5 Rules For Eating Healthy in Japan: Tempura, a staple in Japanese cuisine, can be high in calories and fat. Bakery bread is another source of carbs that needs to be controlled. On the flip side, oden (savory jello-like dishes made from vegetables) is an excellent winter choice and is naturally low in sodium and fat.
1. Eat Rice
Japan’s every-man food doesn’t rate highly on the healthy scale at first glance; lots of noodles in salty broths, fried foods and plenty of sugar added to savoury dishes. A typical serving of Tempura can easily go over 700 calories, and even the lightest dish like Katsu Don is over a thousand calories for one small portion!
Thankfully, the Japanese are experts in portion control and balance. A traditional meal called Ichiju Sansai or ‘One Soup Three Dishes’ typically includes a bowl of soup, two side dishes and a main protein of either vegetables, fish, meat or eggs. Using seasonal produce is also a big focus as it’s usually cheaper and more nutritious than eating out of season produce.
Seafood is a huge part of the Japanese diet and probably contributes to their low rates of heart disease, stroke and respectable life expectancy. The Japanese also eat plenty of mushrooms, soy products and fermented foods like Miso and Natto, which are all rich in vitamins and minerals. The best part is that many of these ingredients are naturally low in calories!
2. Eat Vegetables
One of the reasons the Japanese live longer than most people is their diet. It is rich in protein and nutrients and low in fat, especially saturated fat which causes heart disease. Most meals will include vegetables, a soup, and rice, or fish. They avoid red meat which is high in saturated fats that clog arteries, and instead eat poultry, fish, and plant-based proteins like tofu.
Vegetables are often served as the first dish at a meal and many of them are eaten raw to keep their vitamins and minerals intact. Root vegetables such as daikon radish, carrots, and turnips are particularly healthy because they are rich in vitamin C. The Japanese also eat plenty of seaweed which is high in iron, calcium and folate.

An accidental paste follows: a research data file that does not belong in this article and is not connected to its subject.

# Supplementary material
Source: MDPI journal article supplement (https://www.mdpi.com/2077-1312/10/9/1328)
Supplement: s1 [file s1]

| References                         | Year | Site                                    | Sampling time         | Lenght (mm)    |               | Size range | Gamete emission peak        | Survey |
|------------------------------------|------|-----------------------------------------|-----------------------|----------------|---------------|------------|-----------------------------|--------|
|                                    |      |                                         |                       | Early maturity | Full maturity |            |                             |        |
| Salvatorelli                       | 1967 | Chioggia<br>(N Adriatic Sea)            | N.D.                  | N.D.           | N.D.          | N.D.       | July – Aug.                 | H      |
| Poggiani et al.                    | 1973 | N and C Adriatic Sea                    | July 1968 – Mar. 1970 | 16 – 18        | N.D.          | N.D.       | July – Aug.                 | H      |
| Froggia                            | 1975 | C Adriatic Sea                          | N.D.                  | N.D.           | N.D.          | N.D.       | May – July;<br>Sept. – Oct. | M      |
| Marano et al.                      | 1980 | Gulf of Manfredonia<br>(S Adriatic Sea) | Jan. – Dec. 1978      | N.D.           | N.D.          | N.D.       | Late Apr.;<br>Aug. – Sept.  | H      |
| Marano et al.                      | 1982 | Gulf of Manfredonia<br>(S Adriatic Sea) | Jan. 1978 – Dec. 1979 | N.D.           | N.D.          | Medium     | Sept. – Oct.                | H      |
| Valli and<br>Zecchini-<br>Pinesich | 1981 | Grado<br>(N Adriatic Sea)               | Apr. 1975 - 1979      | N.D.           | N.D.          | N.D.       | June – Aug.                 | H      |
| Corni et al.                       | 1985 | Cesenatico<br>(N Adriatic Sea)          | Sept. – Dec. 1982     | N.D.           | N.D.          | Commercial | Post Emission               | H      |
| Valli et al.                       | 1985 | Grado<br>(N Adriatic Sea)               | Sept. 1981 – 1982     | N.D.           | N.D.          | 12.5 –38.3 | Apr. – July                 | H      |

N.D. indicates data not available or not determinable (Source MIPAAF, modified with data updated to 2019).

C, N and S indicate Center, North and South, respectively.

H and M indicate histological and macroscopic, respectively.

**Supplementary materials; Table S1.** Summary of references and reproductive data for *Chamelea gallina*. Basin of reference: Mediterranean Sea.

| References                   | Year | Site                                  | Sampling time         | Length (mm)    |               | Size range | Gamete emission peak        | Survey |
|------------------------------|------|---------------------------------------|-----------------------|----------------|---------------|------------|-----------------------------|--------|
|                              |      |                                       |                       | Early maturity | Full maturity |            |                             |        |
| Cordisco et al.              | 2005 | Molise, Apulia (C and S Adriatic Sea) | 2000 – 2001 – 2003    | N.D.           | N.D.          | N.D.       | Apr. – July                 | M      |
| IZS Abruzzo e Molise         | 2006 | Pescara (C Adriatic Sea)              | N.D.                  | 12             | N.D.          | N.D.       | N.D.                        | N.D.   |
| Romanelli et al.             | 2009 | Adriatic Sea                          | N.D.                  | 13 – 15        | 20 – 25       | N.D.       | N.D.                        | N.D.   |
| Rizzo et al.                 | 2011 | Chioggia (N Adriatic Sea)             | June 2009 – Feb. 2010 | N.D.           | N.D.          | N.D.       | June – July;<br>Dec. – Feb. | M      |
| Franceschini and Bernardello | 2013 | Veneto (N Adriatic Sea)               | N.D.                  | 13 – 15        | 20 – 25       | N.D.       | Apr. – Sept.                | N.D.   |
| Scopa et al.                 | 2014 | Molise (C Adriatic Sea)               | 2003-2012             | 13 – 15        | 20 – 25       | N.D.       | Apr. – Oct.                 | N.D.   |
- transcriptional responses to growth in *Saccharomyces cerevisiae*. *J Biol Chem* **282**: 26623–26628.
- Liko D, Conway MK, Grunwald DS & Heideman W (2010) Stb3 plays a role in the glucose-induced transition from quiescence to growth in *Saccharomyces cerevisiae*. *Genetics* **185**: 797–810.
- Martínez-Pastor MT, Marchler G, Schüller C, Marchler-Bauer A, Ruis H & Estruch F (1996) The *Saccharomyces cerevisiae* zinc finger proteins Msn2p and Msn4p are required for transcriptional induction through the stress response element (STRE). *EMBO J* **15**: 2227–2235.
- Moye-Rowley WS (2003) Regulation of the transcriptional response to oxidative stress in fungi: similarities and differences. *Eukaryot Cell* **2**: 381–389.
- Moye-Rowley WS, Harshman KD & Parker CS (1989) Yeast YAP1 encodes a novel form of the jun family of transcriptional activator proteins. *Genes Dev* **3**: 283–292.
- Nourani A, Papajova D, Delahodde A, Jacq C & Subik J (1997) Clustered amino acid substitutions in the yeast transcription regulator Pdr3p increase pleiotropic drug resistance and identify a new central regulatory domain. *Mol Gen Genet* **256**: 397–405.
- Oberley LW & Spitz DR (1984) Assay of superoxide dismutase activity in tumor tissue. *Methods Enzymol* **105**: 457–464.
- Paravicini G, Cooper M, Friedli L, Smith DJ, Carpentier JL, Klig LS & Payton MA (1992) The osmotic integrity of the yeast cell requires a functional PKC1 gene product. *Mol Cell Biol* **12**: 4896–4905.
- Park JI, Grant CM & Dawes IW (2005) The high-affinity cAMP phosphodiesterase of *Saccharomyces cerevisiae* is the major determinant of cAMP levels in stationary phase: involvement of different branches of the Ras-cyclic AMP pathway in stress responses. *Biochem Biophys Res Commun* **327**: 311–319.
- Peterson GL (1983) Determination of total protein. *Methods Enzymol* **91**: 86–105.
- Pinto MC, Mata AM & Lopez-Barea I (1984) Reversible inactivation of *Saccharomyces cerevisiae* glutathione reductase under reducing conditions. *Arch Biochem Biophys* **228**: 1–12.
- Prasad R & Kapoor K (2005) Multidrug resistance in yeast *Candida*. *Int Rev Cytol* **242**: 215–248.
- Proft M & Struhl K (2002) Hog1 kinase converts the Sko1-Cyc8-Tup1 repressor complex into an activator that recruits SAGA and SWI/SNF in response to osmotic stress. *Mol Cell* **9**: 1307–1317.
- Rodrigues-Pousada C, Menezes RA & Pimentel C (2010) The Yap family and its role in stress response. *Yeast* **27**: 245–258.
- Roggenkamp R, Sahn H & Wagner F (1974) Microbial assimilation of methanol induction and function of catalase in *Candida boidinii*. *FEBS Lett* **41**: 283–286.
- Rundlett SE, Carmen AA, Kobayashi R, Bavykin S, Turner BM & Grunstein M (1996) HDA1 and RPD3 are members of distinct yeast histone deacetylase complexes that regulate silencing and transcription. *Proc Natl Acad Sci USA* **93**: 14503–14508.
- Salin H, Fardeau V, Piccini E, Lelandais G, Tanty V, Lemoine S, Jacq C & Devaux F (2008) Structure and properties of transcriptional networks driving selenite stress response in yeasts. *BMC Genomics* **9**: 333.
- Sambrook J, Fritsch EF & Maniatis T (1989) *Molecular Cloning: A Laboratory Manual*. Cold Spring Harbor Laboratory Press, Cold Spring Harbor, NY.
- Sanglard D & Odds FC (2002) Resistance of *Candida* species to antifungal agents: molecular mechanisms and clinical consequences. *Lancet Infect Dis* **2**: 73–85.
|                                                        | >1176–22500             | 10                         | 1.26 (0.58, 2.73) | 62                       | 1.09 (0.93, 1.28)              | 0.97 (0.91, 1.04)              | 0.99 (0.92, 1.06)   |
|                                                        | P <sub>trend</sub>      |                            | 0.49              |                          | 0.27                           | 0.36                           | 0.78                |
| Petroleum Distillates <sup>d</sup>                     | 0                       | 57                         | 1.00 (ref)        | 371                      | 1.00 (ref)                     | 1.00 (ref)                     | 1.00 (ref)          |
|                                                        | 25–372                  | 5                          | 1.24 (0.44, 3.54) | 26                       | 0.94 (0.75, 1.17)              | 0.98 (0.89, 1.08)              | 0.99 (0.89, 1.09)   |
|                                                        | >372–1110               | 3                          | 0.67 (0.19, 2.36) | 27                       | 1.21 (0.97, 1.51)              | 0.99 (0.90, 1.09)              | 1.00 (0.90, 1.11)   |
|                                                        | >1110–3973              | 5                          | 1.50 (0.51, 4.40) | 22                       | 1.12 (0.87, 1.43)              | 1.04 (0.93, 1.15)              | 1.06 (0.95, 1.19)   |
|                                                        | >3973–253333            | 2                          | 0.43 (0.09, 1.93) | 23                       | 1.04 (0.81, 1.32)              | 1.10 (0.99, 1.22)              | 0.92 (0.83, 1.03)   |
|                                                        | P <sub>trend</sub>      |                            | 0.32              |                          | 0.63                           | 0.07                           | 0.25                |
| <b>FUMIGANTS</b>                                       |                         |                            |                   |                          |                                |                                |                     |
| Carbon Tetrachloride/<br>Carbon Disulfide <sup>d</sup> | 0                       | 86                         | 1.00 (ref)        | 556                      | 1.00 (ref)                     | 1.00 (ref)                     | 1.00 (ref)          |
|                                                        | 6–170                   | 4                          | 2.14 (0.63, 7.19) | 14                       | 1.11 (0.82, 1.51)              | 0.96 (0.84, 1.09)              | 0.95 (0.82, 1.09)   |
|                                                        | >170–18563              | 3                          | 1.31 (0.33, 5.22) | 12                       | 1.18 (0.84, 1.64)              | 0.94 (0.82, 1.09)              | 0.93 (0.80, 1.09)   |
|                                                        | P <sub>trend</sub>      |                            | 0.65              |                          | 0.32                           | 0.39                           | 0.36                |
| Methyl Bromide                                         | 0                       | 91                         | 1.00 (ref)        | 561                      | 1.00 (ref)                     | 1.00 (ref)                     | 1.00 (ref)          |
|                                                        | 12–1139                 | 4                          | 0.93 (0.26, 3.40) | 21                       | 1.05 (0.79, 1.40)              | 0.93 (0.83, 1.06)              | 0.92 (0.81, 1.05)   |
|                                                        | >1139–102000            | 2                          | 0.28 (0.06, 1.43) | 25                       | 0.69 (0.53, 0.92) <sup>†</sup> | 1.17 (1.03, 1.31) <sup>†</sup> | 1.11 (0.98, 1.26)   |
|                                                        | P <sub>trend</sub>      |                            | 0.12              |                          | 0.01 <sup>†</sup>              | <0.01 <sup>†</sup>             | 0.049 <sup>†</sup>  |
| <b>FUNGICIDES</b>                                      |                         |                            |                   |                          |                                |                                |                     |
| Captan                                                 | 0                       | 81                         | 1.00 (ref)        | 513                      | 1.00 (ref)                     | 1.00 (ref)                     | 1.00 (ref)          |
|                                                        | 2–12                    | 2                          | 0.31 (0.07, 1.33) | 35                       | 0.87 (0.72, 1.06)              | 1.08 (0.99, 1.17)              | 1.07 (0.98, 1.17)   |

However, despite the great variety of food, it is important to watch the calories. Bakery breads can have up to 20 grams of fat a slice and tempura dishes, katsudon and other fried foods are high in calories. Carbs and sodium should also be watched. If possible, avoiding these can help you lose weight and enjoy your trip to Japan even more!
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3. Eat Seafood
The Japanese have one of the longest life expectancies in the world and a diet that’s rich in fresh, unprocessed foods. They emphasize fish, vegetables and rice, while avoiding high-fat animal proteins like red meat.
Seafood is a key element of the Japanese diet because it provides an important source of protein and iodine, which are essential nutrients. It’s also a good alternative to red meat, which is high in saturated fat and can lead to heart disease, high cholesterol and obesity.
Those looking to adopt the Japanese diet should start by replacing white rice with brown, which is higher in fiber and contains less sodium. They should also choose lower-sodium versions of condiments like miso, soy sauce and teriyaki. Another tip is to replace high-calorie snacks with lower-calorie options, such as fruits, vegetables and broth-based soups. This will help people feel full with fewer calories and can aid weight loss. Finally, the Japanese practice hara hachi bu, which is a simple philosophy of eating until you’re 80% full. This will help people control calorie intake and avoid overeating.
4. Drink Green Tea
The Japanese drink plenty of green tea, especially match a – stone-ground powdered green tea. It is full of anti-oxidants and has many health benefits including lowering cholesterol, boosting the immune system, slowing the aging process, fighting cancer and providing a source of protein.
The majority of proteins in the Japanese diet come from fish, seafood and plant-based foods (such as soy products). This is a great way to avoid red meat which is high in saturated fats and can lead to heart disease and obesity.
It is also important to limit portion sizes when eating out – the standard rule is that you should not eat more than 300 calories more than your body needs, as excess calories will be stored as fat. This may be difficult in restaurants where huge servings are served, but ask for smaller portions if you can! If you are able, plan your meals ahead of time and cook enough so that you have leftovers. This is a great practice to get into as it will help you save money and waste less food.
5. Eat Well Balanced Meals
The Japanese diet is generally fish, vegetable, and rice heavy. When meat is eaten, it is cooked with other ingredients so that it becomes a side dish rather than the main event. It is believed that this dietary change has led to a lower death rate from heart disease, cancer, and obesity in Japan.
Adding foods like tofu, fish, natto, green tea and milk products can help you get the protein, vitamins, minerals, and fiber you need to stay healthy. Try to avoid high fat foods such as Tempura, fried chicken, and other fatty meats.
Watch out for Salt and Sugar too. Many Japanese dishes contain a lot of sodium, especially if the food is fried or cooked in oil. One tablespoon of Soy Sauce has almost half your daily allowance of sodium. It is also important to drink plenty of water with your meals. Most restaurants in Japan serve a large quantity of water with their meals, which is ideal for eating healthy. The key to success is controlling your portion sizes. This is easiest when eating with a group of people, as this prevents you from over-eating.